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A friend of mine told me he recently lost 50% of his team when 7 out of 28 found new jobs.

The math, at first, did not make sense – last time I checked, 7 was not 50% of 28.

“Yeah Jim, but those 7 who left contributed 50% of my team’s productivity,” he said.

That’s a conundrum facing employers everywhere these days. As Business Insider just reported, despite all the hubbub about how employers seemingly are back in charge, companies simply do not have enough talent for the tasks they need done.

Yet we still get articles like this, discussing how “the bosses” feel more empowered to claw back some of the power they had before the pandemic-fueled remote/hybrid work explosion. Even worse in my opinion, The Wall Street Journal’s Chip Cutter notes, companies are laying off people without laying them off – shifting back to requiring workers back in the office, reassigning employees to other projects or even other locations, requiring managers to give employees poor performance reviews – in general, treating employees poorly enough that they want to quit.

Besides that, entire sectors seem to have settled on an arbitrary percentage of workforce reductions. For tech CEOs, it seems to be 6%, even though the companies in question have different business models, income statements and balance sheets. It’s like industry leaders are just following the herd, as Fast Company magazine reported.

Workforce Reductions Carry Hidden Costs

Look, I get it. Dire economic predictions abound, and the economy of early 2023 is not like the economy of 2022, 2021, 2020, etc. You want to keep investors happy; you want your company to increase efficiency; you do not want unnecessary costs, employee or otherwise.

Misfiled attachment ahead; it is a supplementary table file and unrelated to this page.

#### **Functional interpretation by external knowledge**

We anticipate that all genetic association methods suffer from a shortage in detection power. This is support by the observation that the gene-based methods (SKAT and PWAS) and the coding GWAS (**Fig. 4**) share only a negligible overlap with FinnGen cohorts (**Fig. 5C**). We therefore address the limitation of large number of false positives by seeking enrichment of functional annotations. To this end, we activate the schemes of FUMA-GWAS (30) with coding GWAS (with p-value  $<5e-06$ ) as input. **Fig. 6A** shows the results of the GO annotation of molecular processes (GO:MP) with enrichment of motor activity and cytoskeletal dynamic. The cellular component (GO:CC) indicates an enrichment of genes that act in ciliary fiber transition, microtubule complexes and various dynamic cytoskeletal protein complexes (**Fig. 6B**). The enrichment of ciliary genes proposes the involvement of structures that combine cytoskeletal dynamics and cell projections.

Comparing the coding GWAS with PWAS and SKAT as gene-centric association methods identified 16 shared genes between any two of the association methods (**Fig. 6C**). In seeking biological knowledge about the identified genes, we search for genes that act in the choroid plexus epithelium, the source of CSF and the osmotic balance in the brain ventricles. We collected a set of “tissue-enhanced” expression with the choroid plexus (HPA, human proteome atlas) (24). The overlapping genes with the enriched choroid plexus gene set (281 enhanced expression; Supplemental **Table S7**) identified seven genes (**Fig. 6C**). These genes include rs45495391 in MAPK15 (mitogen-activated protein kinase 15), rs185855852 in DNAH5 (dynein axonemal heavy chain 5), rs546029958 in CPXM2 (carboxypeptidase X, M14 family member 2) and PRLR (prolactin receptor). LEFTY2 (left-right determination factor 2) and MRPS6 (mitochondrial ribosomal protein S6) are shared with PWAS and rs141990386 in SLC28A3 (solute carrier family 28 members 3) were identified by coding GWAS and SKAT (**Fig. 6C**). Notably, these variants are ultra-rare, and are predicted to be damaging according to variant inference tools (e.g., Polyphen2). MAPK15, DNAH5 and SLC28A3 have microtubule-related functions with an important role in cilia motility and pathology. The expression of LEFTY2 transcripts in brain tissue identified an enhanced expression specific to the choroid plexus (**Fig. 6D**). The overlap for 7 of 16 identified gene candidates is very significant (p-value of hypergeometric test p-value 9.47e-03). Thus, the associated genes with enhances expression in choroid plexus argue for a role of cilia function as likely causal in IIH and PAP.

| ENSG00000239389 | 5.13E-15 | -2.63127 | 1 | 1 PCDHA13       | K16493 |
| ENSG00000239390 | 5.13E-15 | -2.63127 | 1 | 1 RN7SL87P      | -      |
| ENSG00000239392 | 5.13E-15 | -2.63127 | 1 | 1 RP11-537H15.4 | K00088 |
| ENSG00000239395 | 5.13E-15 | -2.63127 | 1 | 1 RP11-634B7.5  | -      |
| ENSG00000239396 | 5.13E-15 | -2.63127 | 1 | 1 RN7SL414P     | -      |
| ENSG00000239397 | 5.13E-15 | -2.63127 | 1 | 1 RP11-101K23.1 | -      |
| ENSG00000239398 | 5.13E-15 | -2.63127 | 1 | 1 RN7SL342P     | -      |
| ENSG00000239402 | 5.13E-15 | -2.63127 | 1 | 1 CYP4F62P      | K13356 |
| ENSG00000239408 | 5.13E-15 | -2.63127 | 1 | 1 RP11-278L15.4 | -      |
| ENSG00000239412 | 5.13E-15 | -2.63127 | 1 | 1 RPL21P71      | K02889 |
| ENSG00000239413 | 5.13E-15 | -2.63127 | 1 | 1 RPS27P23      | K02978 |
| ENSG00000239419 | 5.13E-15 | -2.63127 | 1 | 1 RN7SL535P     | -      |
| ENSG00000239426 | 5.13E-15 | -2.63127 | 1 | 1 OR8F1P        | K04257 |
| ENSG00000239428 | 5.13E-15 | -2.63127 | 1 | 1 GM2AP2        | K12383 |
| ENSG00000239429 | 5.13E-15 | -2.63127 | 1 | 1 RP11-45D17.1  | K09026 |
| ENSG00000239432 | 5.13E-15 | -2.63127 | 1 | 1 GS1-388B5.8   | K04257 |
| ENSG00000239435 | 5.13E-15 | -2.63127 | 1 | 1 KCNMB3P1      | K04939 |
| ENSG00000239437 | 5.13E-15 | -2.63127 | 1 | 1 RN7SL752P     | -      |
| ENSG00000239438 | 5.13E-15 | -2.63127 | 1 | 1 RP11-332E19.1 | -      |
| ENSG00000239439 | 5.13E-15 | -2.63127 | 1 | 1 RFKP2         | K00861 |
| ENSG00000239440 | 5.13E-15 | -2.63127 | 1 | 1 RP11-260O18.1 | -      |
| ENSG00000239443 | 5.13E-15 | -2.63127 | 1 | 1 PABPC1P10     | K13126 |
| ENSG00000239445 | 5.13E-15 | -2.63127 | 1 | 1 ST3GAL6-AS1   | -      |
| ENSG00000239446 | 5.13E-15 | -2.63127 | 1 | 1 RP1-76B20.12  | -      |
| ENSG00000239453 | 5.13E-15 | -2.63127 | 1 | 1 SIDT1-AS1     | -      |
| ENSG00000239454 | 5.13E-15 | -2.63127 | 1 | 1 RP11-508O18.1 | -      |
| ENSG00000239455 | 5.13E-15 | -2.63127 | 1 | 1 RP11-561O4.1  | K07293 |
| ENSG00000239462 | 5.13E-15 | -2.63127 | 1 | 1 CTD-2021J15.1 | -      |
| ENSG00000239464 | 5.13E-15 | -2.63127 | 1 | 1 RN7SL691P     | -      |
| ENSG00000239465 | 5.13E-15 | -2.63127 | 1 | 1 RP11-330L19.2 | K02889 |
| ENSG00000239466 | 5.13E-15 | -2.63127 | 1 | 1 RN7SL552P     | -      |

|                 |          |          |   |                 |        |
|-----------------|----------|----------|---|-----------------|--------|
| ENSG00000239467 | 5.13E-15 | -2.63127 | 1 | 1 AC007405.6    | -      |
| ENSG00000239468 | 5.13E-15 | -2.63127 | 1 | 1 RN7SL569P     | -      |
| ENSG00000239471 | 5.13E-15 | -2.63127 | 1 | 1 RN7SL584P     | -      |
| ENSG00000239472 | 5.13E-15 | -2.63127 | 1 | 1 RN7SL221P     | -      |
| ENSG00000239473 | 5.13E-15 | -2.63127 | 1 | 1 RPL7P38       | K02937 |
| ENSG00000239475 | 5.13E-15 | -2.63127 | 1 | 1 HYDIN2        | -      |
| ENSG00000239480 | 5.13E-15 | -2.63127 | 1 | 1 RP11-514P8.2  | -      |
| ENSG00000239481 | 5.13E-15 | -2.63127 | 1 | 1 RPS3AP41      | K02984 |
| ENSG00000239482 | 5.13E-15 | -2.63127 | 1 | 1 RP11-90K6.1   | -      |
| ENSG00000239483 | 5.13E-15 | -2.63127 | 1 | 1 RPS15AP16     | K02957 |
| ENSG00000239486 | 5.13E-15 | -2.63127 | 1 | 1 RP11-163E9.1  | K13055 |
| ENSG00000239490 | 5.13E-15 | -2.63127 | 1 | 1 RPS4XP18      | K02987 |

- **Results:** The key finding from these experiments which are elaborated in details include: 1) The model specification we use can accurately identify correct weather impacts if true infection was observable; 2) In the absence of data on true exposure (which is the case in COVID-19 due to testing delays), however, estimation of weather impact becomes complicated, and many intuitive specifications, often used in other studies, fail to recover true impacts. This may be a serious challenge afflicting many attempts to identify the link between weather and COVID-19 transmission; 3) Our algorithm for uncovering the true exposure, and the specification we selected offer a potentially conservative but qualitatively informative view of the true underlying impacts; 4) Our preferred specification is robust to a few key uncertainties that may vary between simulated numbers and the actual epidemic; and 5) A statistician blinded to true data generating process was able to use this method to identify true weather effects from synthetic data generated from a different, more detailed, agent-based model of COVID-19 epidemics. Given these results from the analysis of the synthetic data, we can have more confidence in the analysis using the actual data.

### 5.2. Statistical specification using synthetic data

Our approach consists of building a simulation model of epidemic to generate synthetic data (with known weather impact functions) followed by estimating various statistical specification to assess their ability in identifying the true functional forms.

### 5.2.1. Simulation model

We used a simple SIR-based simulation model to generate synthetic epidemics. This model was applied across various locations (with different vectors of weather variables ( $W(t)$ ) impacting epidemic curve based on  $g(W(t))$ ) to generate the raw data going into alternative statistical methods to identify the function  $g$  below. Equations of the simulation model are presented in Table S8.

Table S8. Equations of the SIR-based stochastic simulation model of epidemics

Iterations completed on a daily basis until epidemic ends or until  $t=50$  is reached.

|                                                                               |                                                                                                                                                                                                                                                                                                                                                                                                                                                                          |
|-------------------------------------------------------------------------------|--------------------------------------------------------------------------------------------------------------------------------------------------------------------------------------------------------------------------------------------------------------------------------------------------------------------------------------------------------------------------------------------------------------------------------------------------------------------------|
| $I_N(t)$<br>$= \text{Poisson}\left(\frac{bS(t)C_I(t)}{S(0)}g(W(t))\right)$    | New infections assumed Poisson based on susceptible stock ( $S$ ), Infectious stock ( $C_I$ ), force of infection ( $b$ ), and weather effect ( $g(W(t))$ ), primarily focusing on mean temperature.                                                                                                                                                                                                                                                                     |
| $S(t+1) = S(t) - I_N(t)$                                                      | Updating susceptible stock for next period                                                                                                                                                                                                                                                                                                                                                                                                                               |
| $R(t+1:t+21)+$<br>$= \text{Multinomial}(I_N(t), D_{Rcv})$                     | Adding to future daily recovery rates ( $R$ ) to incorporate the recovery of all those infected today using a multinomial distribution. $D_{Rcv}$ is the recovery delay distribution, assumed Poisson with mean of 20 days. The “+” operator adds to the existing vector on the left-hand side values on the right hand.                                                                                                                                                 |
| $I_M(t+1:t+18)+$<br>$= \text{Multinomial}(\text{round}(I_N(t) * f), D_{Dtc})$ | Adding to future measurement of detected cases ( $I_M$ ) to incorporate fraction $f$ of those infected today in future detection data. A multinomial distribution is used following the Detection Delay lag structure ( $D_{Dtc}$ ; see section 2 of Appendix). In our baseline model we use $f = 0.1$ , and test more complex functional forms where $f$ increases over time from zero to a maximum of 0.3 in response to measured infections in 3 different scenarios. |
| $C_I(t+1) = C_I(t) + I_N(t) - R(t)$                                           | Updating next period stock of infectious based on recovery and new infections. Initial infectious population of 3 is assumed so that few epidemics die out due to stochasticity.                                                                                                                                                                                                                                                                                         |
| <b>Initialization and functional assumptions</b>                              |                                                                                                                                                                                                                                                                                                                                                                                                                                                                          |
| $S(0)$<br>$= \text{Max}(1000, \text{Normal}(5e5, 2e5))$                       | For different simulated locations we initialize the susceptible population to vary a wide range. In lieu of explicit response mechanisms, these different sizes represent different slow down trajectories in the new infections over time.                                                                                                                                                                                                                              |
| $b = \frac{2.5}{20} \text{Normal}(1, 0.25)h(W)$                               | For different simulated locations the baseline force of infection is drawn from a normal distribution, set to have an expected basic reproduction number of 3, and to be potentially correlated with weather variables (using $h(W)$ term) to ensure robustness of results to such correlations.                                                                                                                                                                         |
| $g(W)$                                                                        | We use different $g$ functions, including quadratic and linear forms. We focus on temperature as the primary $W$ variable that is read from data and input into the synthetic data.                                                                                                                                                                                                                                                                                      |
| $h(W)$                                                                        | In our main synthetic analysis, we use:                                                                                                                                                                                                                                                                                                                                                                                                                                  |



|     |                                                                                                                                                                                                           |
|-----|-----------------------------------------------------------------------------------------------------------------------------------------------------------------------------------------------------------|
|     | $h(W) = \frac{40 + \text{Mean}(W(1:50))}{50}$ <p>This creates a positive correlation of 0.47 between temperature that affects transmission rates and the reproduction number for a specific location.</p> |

But arbitrarily picking a headcount and driving people out the door is, frankly, dumb, dishonest and can backfire.

The Ripple Effect of Poor Employee Treatment

How do you think I feel about how you just treated Charlie? I’ve worked next to him for 10 years. We’ve secured multiple deals and run many a successful project together. You’re going to make him move from Chicago to San Francisco to keep his job?

Seeing this, I might start looking for my own exit. Others on Charlie’s team might feel the same way. Cohesion and institutional knowledge fly out the door with key team members, and that stellar team’s performance plummets. That’s how you lose 7 out of 28 people and half – or more – of your team’s productivity.

To be fair, these reports do note that risk – your highest-performing employees are often the ones who can easily find work elsewhere. And in a world of “known uncertainty,” finding people who can do the work is still a struggle.

So do not follow the herd. Look at your balance sheet, cash flow, productivity, what projects your teams are handling, and make a decision. And if you must trim your workforce, do it honestly.